The Occupation Vectors

The Occupation Vectors are universal way to describe in a simple and practical way any position or role within a company (at least in the context of Software engineering). Their main purpose is to allow: (1) the determination and examination of the consequences of combining or splitting corporate positions and roles, transferring, promoting and demoting employees, etc. (e.g. due to organizational restructuring, implementation of employee reward and recognition programs, etc.); and (2) the mapping (or calculating the similarity) of different positions and roles (e.g. due to transitioning to new software development methods as Scrum/XP/DSDM/etc., mergers and acquisitions, etc.). Moreover the occupation vectors might be used as an instrument to roughly assess the efficiency of performing various positions and roles in a given company, branch, department, workgroup, etc. (through the so called Occupation Efficiency Metric).

The 5P Occupation Model

There are five distinct aspects of work which I believe are essential and sufficient to describe any position or role within a company. These are People, Processes, Products, Politics (or Organizations) and Platforms (or Technologies). Each aspect represents unique working area and involves unique duties, responsibilities, accountabilities, working activities and tasks, etc. They are briefly described in the table given below. I’ve called these five distinct aspects of work the 5P Occupation Model.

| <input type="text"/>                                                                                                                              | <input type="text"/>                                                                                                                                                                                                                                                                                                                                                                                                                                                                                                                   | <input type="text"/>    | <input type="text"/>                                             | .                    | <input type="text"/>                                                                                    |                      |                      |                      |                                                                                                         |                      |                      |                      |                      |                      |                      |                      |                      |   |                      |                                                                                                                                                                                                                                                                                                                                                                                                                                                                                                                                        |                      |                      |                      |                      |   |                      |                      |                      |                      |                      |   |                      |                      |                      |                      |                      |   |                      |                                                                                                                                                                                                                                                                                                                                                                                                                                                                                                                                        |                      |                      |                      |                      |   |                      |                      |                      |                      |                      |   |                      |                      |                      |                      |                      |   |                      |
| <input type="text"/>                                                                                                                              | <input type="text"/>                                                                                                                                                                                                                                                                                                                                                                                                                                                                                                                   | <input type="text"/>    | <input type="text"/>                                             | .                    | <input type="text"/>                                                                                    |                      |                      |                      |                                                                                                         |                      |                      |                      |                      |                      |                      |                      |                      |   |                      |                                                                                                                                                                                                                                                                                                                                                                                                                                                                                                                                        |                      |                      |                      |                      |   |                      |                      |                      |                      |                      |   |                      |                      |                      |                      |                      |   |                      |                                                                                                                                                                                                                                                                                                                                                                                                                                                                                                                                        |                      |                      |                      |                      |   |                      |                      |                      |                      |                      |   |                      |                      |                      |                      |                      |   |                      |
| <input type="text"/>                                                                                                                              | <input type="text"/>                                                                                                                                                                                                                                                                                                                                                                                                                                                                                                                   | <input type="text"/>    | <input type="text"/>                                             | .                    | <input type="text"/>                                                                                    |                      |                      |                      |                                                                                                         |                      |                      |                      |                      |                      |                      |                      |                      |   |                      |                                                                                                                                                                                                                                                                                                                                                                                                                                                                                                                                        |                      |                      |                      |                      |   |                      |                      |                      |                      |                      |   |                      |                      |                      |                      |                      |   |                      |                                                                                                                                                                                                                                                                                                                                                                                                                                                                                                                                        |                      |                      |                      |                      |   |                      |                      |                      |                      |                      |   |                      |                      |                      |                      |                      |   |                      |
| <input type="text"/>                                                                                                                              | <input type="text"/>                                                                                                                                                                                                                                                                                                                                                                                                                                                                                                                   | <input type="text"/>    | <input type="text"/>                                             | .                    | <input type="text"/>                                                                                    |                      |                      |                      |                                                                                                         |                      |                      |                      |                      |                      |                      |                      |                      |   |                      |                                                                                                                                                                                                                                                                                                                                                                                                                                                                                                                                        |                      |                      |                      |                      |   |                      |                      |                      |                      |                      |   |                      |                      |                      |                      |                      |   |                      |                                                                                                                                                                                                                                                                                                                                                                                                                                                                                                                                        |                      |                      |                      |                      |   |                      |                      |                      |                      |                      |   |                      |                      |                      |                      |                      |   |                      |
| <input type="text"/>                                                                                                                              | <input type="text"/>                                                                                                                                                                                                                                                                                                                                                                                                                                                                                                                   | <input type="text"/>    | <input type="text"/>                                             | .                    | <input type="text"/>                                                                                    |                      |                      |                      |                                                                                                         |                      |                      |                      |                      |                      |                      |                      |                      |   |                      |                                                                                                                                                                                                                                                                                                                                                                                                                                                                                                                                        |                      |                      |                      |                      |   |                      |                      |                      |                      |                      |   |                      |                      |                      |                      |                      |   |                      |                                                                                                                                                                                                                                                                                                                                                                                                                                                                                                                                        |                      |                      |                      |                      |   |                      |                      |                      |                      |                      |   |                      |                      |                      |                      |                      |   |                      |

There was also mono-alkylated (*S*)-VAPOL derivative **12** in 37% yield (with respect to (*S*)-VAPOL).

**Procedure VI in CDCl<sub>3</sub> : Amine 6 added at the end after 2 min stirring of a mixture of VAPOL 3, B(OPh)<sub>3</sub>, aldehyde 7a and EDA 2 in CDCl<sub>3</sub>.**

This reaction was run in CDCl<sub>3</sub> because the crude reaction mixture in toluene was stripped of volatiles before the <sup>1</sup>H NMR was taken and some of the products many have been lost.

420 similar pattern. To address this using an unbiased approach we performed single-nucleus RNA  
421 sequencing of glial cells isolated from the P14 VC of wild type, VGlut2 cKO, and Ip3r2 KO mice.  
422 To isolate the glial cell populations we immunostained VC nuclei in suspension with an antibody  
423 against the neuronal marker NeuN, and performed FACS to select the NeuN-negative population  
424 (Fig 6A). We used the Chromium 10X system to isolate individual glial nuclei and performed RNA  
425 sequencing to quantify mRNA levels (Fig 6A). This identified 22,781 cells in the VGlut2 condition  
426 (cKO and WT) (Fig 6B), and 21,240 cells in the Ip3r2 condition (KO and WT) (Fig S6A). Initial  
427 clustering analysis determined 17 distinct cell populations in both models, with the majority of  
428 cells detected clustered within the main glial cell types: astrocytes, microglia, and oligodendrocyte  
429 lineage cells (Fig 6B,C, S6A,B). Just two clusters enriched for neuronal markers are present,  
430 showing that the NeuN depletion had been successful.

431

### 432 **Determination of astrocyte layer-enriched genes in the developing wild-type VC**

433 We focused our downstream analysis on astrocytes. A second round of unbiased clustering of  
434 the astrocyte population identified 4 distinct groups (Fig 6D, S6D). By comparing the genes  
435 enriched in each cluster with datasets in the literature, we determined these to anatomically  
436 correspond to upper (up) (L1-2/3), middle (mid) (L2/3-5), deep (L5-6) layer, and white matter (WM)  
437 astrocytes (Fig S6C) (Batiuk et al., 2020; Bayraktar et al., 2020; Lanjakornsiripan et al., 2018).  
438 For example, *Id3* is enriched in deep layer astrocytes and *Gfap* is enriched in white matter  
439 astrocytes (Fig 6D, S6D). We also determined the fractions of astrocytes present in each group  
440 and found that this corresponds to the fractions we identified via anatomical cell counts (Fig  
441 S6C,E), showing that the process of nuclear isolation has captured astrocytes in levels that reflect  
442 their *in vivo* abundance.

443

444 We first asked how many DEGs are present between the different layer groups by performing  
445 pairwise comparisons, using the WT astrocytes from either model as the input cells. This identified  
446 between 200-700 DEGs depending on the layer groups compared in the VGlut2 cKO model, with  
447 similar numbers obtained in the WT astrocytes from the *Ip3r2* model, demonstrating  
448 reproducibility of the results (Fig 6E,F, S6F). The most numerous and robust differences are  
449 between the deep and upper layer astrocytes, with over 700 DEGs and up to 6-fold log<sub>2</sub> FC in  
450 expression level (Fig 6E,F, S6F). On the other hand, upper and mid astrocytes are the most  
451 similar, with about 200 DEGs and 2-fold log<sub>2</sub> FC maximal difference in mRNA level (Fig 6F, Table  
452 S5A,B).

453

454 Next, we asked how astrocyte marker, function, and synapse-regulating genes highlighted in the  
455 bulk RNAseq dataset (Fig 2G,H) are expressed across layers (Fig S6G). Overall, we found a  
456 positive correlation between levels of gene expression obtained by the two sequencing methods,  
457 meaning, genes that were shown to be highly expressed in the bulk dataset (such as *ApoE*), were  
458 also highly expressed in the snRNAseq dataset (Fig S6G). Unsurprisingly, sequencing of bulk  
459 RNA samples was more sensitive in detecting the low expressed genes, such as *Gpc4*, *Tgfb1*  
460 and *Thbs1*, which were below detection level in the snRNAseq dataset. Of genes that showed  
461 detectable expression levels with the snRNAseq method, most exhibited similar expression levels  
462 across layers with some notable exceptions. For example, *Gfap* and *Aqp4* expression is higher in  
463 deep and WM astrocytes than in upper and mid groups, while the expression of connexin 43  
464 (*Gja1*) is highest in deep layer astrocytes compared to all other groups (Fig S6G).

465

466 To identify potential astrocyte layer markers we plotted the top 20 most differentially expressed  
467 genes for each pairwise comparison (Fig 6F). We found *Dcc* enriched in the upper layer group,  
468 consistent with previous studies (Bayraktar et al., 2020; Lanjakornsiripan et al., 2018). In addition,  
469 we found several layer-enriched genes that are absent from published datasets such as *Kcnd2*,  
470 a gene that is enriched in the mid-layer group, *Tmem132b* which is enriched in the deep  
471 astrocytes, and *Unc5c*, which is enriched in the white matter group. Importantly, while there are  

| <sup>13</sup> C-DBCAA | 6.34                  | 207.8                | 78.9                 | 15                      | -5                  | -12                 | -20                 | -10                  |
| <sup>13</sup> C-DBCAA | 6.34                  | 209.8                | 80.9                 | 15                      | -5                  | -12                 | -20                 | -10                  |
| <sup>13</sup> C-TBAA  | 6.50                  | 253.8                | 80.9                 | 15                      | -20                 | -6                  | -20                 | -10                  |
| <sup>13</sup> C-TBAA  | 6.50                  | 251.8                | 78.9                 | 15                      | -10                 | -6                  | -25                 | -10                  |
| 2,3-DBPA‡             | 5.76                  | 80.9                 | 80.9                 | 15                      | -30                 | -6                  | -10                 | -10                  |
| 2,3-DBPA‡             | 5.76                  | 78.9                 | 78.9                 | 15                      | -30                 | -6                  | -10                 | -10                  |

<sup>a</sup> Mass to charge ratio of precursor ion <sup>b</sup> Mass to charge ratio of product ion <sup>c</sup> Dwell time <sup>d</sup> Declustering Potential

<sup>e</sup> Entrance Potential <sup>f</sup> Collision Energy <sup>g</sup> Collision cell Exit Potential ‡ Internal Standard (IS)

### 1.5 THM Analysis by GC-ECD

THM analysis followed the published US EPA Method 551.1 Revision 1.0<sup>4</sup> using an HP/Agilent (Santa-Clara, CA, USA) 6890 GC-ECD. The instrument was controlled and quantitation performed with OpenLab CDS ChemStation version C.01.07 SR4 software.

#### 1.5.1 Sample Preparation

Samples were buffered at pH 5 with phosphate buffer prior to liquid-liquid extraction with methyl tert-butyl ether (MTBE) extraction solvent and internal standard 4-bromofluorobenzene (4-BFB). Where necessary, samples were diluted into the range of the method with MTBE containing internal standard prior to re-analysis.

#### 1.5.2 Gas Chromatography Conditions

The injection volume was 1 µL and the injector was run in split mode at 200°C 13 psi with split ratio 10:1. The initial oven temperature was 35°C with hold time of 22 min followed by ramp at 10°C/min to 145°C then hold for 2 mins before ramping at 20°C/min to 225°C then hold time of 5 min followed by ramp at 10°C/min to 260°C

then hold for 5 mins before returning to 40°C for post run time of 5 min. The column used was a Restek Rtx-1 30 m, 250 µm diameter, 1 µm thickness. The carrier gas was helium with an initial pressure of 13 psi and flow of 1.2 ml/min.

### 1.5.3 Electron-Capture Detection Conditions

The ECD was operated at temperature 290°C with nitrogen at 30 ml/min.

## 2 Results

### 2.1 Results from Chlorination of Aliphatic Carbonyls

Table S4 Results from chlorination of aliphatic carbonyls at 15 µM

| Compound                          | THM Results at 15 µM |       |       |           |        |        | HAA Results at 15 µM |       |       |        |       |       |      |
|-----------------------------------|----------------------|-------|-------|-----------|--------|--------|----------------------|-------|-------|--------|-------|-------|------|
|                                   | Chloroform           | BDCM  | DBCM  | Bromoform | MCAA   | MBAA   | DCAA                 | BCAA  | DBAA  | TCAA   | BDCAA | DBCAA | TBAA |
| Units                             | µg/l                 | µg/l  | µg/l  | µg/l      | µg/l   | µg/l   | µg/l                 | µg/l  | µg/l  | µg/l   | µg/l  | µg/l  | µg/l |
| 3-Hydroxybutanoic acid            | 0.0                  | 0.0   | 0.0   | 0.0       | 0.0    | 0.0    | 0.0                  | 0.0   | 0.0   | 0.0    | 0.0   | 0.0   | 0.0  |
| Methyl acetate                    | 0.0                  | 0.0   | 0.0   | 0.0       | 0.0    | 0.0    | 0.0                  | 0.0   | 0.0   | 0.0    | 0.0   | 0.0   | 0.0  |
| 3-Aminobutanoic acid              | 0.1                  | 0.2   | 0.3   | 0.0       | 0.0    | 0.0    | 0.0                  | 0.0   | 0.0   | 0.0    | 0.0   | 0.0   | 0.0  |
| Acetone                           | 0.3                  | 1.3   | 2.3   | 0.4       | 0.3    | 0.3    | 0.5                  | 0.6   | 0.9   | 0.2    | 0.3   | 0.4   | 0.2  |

Aspect of Work Working Activities and Tasks
People
  • Performance management (incl. performance planning and review) and rewarding/recognition;
  • Training and development (incl. coaching and mentoring);
  • Recruitment, retention and dismissal;
  • Motivation and satisfaction (incl. engagement, commitment, loyalty, etc.);
  • Discipline (incl. integrity; compliance with company policies and codes of conduct, laws and regulations; etc.);
  • Interpersonal relationships and conflict management;
  • Working environment.
Processes
  • Workflow management (incl. definition/modeling, execution and control, review and actualization/reengineering, etc.);
  • Establishment of working processes, procedures, practices, policies, protocols, standards, etc.;
  • Establishment of roles and responsibilities;
  • Communication and information (incl. knowledge) management;
  • Change management;
  • Work planning and scheduling (incl. resource allocation and management);
  • Work execution, monitor and control;
  • Risk management.
Products
  • Product lifecycle management;
  • Portfolio management;
  • Marketing/sales management;
  • Customer relationship/service management (incl. customer satisfaction, loyalty, etc.);